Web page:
The Sapakara West-1 well has encountered 79m net pay of high-quality light oil and gas condensate
French integrated oil and gas company Total and its partner US-based Apache have made a significant oil discovery at the Sapakara West-1 well in Block 58 offshore Suriname.
Drilled to a depth of approximately 6,300m using the Noble Sam Croft drillship, the Sapakara West-1 well has encountered 79m net pay of high-quality light oil and gas condensate, in multiple stacked and good quality reservoirs in Upper Cretaceous Campanian and Santonian formations.
The shallower Campanian interval contains 13m of net gas condensate and 30m of net oil pay, with API oil gravities between 35 and 40 degrees whereas the deeper Santonian interval comprises 36m of net oil-bearing reservoir with API oil gravities between 40 and 45 degrees.
Apache drilled the Sapakara West-1 well, which follows the previous discovery at Maka Central-1, as the operator with 50% interest while Total as the JV partner owns the remaining 50% stake.
Further tests planned to appraise the reservoir’s resources and productivity
The partners are planning to undertake further testing to appraise the resources and productivity of the reservoir.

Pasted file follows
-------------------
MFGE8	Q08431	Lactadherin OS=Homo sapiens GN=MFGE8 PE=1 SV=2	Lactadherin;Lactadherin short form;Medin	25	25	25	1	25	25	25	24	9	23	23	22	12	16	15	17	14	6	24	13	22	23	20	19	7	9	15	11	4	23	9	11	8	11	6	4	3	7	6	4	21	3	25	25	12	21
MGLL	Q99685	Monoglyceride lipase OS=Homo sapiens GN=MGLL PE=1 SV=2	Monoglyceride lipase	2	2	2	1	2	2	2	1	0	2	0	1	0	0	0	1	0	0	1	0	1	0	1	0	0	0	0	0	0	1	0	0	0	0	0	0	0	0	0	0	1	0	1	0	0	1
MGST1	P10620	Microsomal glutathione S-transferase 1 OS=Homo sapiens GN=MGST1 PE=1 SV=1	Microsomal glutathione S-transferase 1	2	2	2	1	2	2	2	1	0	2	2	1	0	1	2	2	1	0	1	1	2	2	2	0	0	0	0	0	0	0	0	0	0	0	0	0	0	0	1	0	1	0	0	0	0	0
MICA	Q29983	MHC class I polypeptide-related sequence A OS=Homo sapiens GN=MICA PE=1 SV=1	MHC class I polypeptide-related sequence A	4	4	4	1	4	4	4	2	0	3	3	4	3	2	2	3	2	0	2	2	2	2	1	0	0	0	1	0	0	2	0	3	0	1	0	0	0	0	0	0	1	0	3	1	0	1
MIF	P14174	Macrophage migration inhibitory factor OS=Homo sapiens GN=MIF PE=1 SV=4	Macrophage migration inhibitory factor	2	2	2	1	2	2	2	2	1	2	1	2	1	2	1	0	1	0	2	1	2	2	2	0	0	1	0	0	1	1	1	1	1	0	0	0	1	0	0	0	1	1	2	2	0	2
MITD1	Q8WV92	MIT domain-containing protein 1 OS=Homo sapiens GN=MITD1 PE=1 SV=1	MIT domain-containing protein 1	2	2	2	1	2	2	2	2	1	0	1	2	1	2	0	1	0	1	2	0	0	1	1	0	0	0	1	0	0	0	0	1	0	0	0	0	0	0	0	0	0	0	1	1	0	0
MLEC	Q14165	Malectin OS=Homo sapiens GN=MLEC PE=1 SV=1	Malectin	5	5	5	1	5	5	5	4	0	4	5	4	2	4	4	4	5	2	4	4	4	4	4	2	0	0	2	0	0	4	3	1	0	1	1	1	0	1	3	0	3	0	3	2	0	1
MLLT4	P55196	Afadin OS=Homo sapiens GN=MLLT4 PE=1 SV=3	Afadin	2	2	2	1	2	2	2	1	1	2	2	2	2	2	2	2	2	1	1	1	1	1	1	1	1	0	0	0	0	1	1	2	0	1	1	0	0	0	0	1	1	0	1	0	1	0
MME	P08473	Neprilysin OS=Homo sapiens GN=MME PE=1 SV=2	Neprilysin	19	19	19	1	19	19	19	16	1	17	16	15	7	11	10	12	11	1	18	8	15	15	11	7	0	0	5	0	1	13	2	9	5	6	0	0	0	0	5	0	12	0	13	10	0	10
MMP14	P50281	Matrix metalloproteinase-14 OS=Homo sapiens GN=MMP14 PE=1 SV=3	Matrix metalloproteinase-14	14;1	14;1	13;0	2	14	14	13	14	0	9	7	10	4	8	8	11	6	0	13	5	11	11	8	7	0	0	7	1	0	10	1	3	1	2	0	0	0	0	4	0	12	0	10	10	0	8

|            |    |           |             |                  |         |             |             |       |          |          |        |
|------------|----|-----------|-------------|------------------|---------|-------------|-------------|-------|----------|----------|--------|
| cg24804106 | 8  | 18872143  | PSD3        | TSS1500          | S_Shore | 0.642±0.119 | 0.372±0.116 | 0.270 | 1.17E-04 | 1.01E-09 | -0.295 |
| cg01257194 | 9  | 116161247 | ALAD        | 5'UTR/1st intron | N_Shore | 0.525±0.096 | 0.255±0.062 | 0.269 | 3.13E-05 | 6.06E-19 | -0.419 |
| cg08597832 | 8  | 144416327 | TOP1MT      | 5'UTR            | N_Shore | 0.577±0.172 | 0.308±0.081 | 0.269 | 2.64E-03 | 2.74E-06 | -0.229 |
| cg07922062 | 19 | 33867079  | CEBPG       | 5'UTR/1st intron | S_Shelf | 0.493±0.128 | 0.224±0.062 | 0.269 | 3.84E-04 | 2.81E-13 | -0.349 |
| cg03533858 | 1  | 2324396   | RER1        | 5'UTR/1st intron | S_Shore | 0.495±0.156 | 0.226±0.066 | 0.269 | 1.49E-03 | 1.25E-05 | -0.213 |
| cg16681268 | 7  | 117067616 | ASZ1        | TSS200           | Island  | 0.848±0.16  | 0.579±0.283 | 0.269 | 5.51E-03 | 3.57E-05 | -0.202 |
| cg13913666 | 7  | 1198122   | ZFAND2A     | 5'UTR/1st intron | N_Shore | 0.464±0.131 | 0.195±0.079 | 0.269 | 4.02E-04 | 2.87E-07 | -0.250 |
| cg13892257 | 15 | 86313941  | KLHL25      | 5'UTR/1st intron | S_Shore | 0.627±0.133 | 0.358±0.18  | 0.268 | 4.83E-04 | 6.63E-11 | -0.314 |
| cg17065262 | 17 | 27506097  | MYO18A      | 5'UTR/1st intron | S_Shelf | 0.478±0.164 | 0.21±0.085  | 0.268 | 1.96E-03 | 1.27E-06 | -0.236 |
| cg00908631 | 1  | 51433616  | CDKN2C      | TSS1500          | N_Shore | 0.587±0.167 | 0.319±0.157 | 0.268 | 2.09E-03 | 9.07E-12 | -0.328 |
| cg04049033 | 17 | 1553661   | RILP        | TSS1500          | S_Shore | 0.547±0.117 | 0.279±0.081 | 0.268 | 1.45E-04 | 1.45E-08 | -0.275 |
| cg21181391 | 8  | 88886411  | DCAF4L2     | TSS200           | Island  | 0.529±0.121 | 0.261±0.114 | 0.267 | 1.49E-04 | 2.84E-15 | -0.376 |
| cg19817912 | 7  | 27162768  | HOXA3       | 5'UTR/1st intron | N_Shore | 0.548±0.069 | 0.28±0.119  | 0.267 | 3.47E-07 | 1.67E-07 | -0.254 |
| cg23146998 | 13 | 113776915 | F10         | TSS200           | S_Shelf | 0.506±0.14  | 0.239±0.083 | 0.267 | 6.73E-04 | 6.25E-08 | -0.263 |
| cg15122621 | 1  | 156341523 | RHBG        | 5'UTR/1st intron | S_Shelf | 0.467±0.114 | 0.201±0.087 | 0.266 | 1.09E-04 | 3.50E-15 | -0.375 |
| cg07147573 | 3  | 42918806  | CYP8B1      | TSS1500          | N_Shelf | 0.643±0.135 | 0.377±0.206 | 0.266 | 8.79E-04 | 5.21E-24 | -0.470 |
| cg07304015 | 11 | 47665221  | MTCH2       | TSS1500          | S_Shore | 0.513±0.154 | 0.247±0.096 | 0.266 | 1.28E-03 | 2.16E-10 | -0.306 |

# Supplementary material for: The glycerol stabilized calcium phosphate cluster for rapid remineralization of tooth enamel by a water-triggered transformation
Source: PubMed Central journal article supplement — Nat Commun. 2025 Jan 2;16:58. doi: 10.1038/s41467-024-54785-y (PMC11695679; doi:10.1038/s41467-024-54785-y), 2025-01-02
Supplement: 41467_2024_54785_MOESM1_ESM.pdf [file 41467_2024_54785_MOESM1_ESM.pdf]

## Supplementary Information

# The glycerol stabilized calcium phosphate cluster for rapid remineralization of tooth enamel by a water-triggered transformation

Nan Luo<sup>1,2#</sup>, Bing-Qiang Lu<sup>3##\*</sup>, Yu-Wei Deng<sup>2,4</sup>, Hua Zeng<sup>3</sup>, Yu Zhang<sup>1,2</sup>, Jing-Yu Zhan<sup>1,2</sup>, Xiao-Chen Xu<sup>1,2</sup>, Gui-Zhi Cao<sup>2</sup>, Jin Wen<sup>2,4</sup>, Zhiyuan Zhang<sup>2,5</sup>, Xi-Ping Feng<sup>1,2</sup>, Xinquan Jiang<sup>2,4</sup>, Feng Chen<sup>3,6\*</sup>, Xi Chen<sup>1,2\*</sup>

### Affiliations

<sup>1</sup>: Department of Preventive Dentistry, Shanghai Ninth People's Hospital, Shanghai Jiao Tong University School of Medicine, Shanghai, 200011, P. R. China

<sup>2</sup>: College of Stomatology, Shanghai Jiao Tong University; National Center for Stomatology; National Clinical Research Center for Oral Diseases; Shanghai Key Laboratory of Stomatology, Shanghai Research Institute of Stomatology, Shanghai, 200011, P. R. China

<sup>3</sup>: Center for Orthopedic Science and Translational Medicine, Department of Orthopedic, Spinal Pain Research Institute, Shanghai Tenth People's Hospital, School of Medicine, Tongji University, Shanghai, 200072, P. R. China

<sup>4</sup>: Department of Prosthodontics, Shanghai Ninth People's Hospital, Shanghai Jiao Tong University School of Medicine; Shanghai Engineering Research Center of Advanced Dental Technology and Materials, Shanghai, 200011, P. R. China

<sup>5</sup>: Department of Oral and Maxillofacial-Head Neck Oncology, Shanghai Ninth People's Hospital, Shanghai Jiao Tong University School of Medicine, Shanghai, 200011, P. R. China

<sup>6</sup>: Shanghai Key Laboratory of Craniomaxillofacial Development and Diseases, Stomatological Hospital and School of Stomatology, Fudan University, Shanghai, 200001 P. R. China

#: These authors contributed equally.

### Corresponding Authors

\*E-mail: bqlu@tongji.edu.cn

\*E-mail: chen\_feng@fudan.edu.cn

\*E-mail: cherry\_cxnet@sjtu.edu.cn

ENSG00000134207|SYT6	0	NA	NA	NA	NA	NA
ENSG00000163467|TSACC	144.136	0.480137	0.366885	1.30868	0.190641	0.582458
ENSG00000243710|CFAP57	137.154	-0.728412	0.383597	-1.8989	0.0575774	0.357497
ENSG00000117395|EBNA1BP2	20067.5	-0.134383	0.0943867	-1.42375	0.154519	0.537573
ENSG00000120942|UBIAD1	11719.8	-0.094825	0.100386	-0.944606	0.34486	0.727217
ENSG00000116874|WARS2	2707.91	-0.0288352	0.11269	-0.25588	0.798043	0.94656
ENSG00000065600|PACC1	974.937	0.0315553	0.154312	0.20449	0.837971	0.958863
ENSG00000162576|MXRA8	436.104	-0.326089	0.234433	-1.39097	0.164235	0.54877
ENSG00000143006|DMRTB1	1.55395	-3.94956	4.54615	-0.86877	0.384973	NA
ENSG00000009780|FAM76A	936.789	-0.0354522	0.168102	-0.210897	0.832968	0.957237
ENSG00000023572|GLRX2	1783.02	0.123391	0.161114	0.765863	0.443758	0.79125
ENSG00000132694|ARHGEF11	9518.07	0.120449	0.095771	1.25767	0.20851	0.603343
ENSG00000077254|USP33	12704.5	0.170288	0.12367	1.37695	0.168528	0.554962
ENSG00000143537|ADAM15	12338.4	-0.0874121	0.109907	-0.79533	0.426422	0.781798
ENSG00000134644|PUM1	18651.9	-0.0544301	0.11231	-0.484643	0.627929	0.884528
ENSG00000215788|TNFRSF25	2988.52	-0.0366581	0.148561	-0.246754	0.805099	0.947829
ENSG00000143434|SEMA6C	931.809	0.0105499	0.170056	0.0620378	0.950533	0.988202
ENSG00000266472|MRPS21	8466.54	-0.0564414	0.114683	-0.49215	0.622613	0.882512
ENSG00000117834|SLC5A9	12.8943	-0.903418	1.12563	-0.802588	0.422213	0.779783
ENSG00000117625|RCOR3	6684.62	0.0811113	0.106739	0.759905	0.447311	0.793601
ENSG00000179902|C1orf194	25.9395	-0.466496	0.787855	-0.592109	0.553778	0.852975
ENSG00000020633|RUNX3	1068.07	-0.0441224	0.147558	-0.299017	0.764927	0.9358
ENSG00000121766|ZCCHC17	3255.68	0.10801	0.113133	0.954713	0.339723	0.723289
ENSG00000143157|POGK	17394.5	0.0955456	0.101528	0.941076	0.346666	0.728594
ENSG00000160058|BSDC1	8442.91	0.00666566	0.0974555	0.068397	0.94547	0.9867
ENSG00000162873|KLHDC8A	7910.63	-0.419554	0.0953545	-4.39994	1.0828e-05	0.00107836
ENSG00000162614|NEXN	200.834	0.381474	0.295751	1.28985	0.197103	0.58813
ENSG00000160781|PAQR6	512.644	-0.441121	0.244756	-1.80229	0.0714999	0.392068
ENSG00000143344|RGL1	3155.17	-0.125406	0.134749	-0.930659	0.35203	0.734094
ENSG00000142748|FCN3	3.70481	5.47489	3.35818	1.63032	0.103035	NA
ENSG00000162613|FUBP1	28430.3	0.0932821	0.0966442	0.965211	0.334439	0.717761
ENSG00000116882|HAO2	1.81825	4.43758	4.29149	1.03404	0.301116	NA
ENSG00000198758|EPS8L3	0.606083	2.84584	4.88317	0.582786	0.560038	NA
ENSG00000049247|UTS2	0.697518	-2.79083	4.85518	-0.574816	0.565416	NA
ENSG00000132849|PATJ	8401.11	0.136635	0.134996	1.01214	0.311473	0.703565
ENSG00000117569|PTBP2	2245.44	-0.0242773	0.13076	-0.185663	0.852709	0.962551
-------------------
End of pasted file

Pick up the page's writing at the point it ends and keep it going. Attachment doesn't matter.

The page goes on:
Apache CEO and president John Christmann said: “Our second discovery offshore Suriname this year further proves our geologic model and confirms a large hydrocarbon system in two play types on Block 58.
“Based on a conservative estimate of net pay across multiple fan systems, we have discovered another very substantial oil resource with the Sapakara West-1 well.
“Importantly, our data indicates that the Sapakara West-1 well encountered a distinct fan system that is separate from the Maka Central-1 discovery we announced in January this year.”
The Sam Croft drillship is planned to be moved to the third prospect, Kwaskwasi, in Block 58. It is located approximately 10km northwest of Sapakara West-1.
The fourth exploration target, Keskesi, is planned to be drilled approximately 20km southeast of Sapakara West-1.
The two exploration wells will aim to assess oil-prone upper Cretaceous targets in the Campanian and Santonian intervals in reservoirs that appear to be independent from the Maka and Sapakara discoveries.